Another slight niggle is an automatic gearbox that – while reasonably smooth – isn’t as slick as the Audi R8’s. We also found the GT-R was slightly prone to following imperfections in the road, requiring a vigilant hand on the steering wheel.
In truth, though, these are minor quibbles. On most roads, most of the time, the GT-R is as thrilling as it’s possible for a car to be. The GT-R offers so much grip and so little body lean when cornering that we can understand why some jokingly asked if Nissan’s engineers rewrote the rules of physics when developing the car. It careers towards the horizon on a surge of power when you want it to, accelerating with unending ferocity.
Interior & comfort
Stiff suspension means the GT-R can be uncomfortable
In case you’re in any doubt, the Nissan GT-R is a hardcore car designed primarily for speed. The stiff suspension allows it to go around corners quickly, but also means potholes and drain covers produce uncomfortable jolts through the seats – even when the softest of the three driving modes is selected.
If you’re after a sports car that can cruise comfortably when you want it to, a Porsche 911 may suit you better. The GT-R is too stiff and noisy to be a relaxing motorway companion, although if you’re willing to put up with those compromises, the supportive and comfortable leather seats mean you’re unlikely to develop backache.
Inside, the recent update means dashboard materials are of a higher quality than they were previously, while Nissan fits a generous amount of equipment, too. All cars come with leather seats, sat nav, cruise control and a host of digital displays, which give you all sorts of information about how you’ve been driving.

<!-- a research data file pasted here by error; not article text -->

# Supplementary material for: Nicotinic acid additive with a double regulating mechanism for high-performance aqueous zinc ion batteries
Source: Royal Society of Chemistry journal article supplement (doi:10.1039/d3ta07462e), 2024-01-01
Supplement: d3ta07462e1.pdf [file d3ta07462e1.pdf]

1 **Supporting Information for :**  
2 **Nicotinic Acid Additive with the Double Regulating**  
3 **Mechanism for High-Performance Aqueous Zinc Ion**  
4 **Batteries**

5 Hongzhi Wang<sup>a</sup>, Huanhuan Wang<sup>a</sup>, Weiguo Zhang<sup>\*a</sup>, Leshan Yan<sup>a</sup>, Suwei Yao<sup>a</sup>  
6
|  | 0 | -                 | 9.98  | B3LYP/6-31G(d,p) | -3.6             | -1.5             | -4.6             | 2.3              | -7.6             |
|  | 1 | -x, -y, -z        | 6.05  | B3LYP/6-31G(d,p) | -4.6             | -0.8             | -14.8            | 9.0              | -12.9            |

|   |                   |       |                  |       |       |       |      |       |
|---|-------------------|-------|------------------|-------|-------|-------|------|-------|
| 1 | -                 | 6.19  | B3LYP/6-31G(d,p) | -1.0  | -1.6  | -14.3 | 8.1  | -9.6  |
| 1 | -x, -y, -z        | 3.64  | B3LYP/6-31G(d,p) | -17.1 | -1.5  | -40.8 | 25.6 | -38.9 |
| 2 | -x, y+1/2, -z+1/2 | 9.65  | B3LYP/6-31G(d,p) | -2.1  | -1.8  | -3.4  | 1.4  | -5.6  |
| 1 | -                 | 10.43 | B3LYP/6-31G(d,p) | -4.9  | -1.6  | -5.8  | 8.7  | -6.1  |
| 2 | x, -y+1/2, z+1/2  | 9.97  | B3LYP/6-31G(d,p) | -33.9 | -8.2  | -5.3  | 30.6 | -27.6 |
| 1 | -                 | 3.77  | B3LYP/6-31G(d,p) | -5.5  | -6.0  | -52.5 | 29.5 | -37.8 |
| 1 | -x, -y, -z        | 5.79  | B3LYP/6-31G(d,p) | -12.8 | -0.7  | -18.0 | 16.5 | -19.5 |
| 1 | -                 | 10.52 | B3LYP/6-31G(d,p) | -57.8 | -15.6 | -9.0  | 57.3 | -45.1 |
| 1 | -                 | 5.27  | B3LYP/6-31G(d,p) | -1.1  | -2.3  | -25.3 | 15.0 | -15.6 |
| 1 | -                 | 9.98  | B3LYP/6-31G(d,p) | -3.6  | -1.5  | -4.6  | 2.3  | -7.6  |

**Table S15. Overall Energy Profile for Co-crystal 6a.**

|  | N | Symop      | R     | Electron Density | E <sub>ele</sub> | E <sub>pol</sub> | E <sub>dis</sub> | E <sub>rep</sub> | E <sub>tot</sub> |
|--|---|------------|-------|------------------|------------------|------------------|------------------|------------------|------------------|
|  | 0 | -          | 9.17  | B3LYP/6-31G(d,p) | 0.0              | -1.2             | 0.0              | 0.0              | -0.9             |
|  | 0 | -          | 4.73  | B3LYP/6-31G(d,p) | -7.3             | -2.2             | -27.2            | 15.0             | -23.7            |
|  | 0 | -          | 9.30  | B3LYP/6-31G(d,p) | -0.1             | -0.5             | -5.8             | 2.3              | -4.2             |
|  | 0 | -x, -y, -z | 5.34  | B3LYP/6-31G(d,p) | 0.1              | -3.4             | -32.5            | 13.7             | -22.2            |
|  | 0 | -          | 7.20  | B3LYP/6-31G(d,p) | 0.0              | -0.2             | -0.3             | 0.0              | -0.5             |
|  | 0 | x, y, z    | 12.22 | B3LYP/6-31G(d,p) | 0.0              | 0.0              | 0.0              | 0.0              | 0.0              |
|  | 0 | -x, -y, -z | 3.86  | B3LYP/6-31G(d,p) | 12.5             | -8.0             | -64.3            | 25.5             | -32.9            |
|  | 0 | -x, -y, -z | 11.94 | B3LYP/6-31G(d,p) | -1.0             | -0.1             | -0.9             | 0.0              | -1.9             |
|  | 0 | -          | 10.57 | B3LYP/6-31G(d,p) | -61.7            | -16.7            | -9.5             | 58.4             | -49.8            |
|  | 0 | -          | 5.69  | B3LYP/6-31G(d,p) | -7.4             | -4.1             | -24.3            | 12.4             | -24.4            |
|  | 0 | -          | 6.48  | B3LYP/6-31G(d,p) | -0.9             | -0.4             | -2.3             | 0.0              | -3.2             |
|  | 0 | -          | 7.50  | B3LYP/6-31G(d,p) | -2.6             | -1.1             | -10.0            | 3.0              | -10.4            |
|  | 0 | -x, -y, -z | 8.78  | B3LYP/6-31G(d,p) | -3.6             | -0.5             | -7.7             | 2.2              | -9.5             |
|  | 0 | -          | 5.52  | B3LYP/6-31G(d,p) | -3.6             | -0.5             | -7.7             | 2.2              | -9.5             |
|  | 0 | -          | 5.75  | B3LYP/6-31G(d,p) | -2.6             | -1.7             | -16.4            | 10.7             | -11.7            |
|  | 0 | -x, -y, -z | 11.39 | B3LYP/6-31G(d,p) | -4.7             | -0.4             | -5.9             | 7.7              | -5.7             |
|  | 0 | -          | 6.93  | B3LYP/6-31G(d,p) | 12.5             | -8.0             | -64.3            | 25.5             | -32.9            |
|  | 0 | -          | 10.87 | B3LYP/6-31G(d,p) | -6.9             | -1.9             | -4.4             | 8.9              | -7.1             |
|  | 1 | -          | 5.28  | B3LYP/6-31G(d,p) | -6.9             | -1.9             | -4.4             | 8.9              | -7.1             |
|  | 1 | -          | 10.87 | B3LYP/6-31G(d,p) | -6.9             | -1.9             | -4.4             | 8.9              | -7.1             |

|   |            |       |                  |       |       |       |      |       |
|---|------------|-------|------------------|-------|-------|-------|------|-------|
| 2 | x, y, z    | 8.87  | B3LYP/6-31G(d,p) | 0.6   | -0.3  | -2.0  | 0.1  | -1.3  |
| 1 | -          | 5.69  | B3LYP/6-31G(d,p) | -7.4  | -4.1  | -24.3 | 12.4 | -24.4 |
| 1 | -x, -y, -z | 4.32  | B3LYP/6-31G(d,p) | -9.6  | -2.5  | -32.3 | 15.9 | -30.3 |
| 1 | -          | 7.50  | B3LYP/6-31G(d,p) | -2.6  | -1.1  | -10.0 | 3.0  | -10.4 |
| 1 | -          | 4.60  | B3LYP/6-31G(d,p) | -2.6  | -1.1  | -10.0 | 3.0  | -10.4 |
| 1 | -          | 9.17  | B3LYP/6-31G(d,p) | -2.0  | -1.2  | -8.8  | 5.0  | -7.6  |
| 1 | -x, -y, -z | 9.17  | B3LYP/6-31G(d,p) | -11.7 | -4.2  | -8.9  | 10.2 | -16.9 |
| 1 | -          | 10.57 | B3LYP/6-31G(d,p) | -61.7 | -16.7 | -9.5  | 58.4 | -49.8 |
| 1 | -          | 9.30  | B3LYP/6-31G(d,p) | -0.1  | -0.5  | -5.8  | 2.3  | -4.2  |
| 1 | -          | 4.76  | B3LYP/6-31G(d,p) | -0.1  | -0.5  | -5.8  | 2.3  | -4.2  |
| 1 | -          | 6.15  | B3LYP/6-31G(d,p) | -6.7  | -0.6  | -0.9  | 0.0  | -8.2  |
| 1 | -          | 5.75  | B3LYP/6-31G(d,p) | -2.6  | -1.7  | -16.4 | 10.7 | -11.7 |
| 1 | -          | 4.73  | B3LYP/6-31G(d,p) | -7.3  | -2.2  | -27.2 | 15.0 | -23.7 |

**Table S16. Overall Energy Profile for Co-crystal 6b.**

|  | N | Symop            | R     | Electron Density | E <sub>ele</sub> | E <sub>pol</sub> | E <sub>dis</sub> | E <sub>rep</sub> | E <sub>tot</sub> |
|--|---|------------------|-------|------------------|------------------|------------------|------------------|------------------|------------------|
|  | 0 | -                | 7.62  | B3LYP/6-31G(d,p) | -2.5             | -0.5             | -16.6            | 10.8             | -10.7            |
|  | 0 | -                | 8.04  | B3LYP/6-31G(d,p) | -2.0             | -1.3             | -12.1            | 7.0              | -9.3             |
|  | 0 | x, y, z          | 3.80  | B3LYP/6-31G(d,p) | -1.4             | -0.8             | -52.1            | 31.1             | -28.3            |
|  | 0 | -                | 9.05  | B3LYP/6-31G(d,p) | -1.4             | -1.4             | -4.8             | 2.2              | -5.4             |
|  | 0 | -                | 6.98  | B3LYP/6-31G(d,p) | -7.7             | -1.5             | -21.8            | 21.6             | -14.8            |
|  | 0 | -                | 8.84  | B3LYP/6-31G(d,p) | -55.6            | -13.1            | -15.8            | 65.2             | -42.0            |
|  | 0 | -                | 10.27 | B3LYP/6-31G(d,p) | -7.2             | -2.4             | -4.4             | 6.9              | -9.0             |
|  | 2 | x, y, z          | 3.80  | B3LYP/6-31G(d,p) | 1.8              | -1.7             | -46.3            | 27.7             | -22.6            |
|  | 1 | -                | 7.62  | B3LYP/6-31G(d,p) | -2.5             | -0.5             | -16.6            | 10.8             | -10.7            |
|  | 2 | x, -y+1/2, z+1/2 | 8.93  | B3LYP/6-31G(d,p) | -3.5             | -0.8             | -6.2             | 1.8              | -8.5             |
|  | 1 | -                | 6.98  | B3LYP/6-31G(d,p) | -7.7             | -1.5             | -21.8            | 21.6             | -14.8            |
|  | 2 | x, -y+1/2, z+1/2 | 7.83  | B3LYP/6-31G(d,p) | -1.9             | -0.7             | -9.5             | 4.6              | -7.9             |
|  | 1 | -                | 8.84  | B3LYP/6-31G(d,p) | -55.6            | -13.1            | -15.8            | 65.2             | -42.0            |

Practicality & boot space
The GT-R’s rear seats and decent boot make it a surprisingly practical car
The Nissan’s rear seats are small, but few cars with the GT-R’s performance can seat more than two. The 315-litre boot is also impressively big for a supercar; it can accommodate a couple of suitcases or a set of golf clubs. General visibility is decent, although the large turning circle means a three-point turn may become a five-point turn on all but the widest roads.
Reliability & safety
Sophisticated electronics and a good reputation mean the GT-R should be safe and reliable
While it sells in too few numbers to have gone through Euro NCAP safety testing, the GT-R has a sophisticated four-wheel-drive setup and electronic stability control system that do their best to prevent you crashing in the first place. The GT-R also has a strong reputation for reliability – although be warned that if you take it on track to exploit it to its full potential, it’ll need more maintenance than if you drive it solely on the road.
Price, value for money & options
Considering the performance on offer, the GT-R is a relative bargain
Yes, £80,000 is a huge amount of money to spend on a car, and yes, you could buy a small house for that price. Nonetheless, in the world of high-performance supercars, the Nissan GT-R is cheaper than anything else with similar performance. You’ll need to spend at least £45,000 to get anything that comes close, and the GT-R is actually faster than some hypercars costing over a million pounds.
In the real world, though, even considering the visceral speed offered by the GT-R, some may feel its interior isn’t special enough for the money. Even with the recent update, the Nissan GT-R can’t match the luxury offered by the Porsche 911 or Aston Martin V8 Vantage. Everything feels built to last, but it’s fair to say greater attention was paid to the GT-R’s mechanical design than its interior. The frustrating sat nav also feels out of place in such an expensive car and for some the GT-R just doesn’t look or feel special enough.